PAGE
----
Tick-Talk: Protect Yourself Against Tick-Borne Diseases

It’s that time of the year again, tick season.

Do you know that some of the most common tick-borne diseases found throughout the Maryland/DC/Virginia areas are Lyme disease, Anaplasmosis, Rocky Mountain Spotted Fever and STARI disease?

Are you adequately protecting yourself and your family from tick-borne diseases?


Have you ever felt any of these symptoms: fever/chills, aches, pains (including headaches), and fatigue? Many of us have, and it doesn’t mean you have tick-borne disease, but you could. Ticks found in Maryland can carry Lyme disease transmitted by the blacklegged tick, Anaplasmosis transmitted by the blacklegged tick, Rocky Mountain Spotted Fever (RMSF) transmitted by the American dog tick, and STARI (Southern Tick-Associated Rash Illness) transmitted by the lone star tick.


Before going out to areas known to harbor ticks, treat clothing and gear with 0.5 percent permethrin products. Permethrin remains protective through several washings. It can be used to treat boots, clothing and camping gear. Adults can use EPA-registered insect repellents containing DEET, Picaridin, Oil of Lemon Eucalyptus (OLE) or Para-menthane-diol (PMD). Always follow product instructions, and be careful of their use with small children. Do not use insect repellent on babies younger than 2 months old and do not use products containing OLE or PMD on children under 3 years old. Over the counter products containing DEET are approved for use on children.

While outdoors, avoid wooded and brushy areas with high grass/leaf litter and walk in the center of trails. Check your body for ticks after being outdoors, paying close attention to under the arms, in and around the ears, back of the knees, in and around the hair, between the legs, and around the waist.

What can I do with an embedded tick?

If a tick is embedded in your skin, use fine-tipped tweezers to grasp the tick as close to the skin surface as possible. Don’t twist or jerk the tick; this can cause the mouth-parts to break off and remain in the skin. If this occurs seek medical attention to ensure the entire tick is removed.

In cases of ticks embedded in humans, Walter Reed National Military Medical Center’s Environmental Health (EH) Service can assist. First, if you remove an embedded tick from your skin, seek medical attention. Your health-care provider may choose to either test you for a tick-borne disease and/or may treat you preventively for tick-borne infections. Second, you may choose to place the tick in a sealed bag or container and deliver the package to the EH team, which will in turn submit the specimen for tick borne disease testing. The EH point of contact can be reached at 301-400-3870.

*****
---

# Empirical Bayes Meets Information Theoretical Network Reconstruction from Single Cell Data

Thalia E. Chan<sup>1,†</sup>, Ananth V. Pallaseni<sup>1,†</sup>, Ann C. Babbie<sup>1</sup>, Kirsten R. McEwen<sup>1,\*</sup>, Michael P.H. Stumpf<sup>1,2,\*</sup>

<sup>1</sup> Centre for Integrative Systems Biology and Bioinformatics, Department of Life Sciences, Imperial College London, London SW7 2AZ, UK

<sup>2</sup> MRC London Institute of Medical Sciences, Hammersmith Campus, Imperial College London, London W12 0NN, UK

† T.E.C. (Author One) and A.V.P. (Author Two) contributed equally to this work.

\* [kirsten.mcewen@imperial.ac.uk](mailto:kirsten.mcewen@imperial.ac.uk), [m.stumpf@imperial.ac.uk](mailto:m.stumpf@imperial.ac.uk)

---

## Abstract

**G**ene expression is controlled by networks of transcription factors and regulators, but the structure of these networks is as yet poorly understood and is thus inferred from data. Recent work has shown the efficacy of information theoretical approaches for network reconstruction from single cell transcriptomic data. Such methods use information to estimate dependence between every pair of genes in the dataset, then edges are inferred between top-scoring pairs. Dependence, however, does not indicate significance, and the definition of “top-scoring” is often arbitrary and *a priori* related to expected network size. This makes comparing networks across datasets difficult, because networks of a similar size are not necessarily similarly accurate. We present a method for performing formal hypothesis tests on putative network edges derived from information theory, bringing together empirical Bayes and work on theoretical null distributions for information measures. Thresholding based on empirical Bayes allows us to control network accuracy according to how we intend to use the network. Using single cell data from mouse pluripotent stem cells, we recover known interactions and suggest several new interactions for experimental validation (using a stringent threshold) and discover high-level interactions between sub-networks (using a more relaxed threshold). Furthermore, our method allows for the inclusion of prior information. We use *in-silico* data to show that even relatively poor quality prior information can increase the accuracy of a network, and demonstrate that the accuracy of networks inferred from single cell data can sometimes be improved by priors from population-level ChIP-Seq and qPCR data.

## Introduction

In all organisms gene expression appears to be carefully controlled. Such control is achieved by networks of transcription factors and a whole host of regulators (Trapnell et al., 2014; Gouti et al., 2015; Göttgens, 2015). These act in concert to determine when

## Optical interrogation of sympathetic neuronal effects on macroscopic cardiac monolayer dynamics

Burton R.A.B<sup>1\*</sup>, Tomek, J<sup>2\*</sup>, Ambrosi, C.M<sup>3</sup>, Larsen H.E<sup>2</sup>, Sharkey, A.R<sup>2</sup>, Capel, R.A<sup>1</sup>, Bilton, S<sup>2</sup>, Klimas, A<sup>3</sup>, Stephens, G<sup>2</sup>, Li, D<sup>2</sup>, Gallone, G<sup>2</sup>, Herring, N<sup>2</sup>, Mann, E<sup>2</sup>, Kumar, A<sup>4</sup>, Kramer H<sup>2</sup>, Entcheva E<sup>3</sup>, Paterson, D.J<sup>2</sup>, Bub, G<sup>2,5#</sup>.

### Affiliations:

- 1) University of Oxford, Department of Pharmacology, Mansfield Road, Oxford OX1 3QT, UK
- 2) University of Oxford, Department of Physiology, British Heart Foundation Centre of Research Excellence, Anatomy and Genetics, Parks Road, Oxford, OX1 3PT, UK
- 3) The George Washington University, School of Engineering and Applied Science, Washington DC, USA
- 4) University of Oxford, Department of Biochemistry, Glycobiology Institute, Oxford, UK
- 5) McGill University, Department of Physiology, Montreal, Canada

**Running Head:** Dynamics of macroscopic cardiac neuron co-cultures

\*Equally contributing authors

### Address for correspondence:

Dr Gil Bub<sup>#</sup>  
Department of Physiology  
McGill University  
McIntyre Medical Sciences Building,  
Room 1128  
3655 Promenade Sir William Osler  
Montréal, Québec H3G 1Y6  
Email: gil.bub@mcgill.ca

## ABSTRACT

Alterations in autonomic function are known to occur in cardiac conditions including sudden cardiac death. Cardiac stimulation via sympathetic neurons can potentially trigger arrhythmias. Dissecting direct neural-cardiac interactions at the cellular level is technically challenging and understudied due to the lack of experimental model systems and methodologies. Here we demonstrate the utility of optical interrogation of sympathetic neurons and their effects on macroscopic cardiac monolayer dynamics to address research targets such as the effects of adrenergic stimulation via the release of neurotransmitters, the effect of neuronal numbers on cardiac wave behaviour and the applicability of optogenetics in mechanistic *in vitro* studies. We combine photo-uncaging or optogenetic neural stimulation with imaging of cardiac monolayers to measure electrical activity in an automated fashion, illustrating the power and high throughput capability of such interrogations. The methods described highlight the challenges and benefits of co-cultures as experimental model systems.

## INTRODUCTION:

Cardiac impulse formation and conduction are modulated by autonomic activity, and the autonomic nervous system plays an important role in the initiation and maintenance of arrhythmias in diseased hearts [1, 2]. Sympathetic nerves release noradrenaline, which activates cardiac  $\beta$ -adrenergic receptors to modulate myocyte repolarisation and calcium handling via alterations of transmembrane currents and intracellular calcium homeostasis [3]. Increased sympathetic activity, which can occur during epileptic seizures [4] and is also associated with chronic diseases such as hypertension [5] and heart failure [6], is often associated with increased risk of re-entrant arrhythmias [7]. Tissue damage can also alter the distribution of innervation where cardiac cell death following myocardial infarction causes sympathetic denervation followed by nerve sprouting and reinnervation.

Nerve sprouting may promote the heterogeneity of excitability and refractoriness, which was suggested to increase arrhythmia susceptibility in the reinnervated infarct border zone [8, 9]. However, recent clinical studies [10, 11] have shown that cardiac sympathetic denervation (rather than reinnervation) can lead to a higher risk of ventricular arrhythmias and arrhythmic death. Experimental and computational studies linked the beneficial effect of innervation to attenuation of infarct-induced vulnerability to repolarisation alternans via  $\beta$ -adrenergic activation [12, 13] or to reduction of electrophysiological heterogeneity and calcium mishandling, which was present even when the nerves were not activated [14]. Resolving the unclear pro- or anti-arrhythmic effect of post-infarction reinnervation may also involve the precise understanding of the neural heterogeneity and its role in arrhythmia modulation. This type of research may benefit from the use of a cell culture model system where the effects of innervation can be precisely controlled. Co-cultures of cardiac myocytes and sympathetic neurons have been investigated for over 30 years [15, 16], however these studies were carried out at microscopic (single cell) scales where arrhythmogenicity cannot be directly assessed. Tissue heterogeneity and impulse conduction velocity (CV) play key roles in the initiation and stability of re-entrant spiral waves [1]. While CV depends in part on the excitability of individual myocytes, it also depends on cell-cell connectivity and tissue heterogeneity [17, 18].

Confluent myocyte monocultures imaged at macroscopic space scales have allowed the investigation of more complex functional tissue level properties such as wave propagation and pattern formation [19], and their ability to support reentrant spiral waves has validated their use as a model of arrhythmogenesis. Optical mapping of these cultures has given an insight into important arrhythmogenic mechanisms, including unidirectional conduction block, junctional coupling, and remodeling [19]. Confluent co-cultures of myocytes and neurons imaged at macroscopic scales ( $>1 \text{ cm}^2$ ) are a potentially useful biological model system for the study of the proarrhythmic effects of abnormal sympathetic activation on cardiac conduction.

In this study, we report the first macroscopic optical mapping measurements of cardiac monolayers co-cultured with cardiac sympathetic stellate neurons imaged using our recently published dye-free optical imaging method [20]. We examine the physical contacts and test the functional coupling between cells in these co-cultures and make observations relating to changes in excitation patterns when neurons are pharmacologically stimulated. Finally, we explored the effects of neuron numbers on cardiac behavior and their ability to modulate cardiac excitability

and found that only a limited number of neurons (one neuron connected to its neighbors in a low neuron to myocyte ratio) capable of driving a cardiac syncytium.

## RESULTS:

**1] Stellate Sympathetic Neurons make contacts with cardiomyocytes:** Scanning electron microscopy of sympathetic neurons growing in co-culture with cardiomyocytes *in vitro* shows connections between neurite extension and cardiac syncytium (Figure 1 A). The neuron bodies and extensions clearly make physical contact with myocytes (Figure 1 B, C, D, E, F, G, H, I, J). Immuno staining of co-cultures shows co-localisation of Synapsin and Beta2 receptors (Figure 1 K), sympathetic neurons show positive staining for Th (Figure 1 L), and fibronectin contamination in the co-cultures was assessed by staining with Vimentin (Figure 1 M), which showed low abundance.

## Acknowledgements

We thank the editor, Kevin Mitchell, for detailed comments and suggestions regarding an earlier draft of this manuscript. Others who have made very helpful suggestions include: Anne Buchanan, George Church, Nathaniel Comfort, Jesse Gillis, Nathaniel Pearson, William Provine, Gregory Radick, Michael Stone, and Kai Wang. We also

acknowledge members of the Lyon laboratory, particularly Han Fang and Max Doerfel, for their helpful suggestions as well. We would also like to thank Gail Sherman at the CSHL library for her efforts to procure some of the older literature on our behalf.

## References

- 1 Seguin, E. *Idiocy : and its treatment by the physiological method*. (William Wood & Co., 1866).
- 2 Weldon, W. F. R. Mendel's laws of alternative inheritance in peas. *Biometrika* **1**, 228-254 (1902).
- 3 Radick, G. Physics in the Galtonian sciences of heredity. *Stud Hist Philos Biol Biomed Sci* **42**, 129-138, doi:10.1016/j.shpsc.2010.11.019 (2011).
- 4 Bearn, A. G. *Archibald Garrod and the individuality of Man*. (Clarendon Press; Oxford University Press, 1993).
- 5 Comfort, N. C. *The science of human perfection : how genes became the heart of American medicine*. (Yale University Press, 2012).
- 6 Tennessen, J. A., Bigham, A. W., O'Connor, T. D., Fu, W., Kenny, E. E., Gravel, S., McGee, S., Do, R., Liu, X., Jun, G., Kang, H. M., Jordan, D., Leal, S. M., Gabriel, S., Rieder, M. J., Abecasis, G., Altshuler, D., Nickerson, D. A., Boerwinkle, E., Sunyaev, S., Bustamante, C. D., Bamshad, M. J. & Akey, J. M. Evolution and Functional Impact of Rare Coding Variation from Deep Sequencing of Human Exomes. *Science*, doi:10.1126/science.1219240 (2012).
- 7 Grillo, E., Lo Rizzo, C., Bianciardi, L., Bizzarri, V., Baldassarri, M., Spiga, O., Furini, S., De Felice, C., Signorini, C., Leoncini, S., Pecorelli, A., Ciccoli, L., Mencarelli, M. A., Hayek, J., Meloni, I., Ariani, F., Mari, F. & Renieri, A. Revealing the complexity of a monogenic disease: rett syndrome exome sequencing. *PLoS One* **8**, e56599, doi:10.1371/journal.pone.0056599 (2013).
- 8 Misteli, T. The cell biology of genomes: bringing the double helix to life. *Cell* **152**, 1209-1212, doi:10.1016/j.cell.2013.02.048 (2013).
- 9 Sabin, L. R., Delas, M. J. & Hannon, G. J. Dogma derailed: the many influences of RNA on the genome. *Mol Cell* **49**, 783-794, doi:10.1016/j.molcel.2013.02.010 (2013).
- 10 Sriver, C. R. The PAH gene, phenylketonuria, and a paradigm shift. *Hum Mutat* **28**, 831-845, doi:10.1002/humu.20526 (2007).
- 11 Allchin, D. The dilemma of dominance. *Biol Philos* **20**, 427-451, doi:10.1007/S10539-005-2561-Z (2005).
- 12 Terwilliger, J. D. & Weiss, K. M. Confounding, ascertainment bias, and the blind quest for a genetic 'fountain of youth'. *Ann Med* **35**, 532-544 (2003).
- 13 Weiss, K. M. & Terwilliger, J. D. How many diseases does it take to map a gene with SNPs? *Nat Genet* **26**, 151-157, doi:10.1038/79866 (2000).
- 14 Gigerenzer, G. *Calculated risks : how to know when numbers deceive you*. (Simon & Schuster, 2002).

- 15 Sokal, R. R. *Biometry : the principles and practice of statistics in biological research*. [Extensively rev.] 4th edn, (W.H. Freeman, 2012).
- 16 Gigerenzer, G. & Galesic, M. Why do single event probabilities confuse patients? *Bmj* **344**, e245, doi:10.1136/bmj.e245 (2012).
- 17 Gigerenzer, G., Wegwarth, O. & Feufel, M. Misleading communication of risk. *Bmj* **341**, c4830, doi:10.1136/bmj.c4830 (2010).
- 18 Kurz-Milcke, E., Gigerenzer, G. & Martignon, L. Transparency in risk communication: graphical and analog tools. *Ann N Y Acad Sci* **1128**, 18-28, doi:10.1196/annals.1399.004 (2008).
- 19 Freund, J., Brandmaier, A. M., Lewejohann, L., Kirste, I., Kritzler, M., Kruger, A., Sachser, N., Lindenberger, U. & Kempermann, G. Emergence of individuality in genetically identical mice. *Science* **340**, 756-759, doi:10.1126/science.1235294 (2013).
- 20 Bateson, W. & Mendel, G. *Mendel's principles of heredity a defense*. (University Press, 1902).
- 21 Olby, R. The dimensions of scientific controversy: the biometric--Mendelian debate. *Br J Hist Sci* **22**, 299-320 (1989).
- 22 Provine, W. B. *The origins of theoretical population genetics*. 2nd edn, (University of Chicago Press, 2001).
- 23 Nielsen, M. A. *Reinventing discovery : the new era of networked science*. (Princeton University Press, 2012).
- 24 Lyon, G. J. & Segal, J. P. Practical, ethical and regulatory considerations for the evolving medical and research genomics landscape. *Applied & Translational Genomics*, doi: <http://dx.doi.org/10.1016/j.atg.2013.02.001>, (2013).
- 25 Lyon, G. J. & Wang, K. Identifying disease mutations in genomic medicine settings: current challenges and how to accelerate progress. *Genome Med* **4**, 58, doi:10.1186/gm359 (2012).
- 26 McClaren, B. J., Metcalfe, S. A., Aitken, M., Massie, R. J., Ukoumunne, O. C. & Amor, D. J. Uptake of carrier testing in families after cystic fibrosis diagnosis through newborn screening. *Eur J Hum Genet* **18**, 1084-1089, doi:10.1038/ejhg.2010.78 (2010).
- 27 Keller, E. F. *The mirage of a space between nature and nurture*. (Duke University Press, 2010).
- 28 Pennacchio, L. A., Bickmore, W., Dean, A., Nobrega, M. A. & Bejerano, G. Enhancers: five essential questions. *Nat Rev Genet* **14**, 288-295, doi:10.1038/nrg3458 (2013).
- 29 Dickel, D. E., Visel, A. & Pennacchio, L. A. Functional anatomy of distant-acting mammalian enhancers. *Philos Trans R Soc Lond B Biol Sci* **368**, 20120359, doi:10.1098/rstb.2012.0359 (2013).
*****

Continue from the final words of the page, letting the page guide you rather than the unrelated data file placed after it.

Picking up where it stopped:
Pets are also very susceptible to tick bites and tick-borne diseases. Vaccines are not available for most of the tick-borne diseases of dogs. Treating your pet with repellant can prevent the pet from getting infected and bringing ticks into your home. Cats are extremely sensitive to a variety of chemicals. Do not apply any tick prevention products to your cats without first asking your veterinarian. Fort Meade, Maryland veterinarians, which services WRNMMC, will take a tick that has been embedded in your pets and send it to the Vector-Borne Zoonosis Detection Laboratory (VBZDL).The VBZDL is able to run a variety of tests to determine if the tick or pet carries tick-borne disease. Animals that are positive for tick-borne diseases are often treated with the same systemic antibiotics used in humans. For more pet related questions, please contact the Fort Meade Branch, US Army Public Health Activity at 301-677-1318.

What are we doing for you?

WRNMMC Environmental Health Service conducts tick surveys to determine the establishment of tick populations on Naval Support Activity Bethesda. Physical “tick drags” are conducted on NSAB. The objective in collecting ticks is to submit samples for testing to identify if ticks collected on the installation carry disease pathogens. This allow us to assess the risk of human tick-borne infection and educate the WRNMMC population on proper procedures to protect themselves from tick-borne infections. For further assistance you can contact them at 301-400-3870.

For more information on tick-borne diseases and prevention, please access the following Centers for Disease Control and Prevention website at www.cdc.gov/ticks/index.html.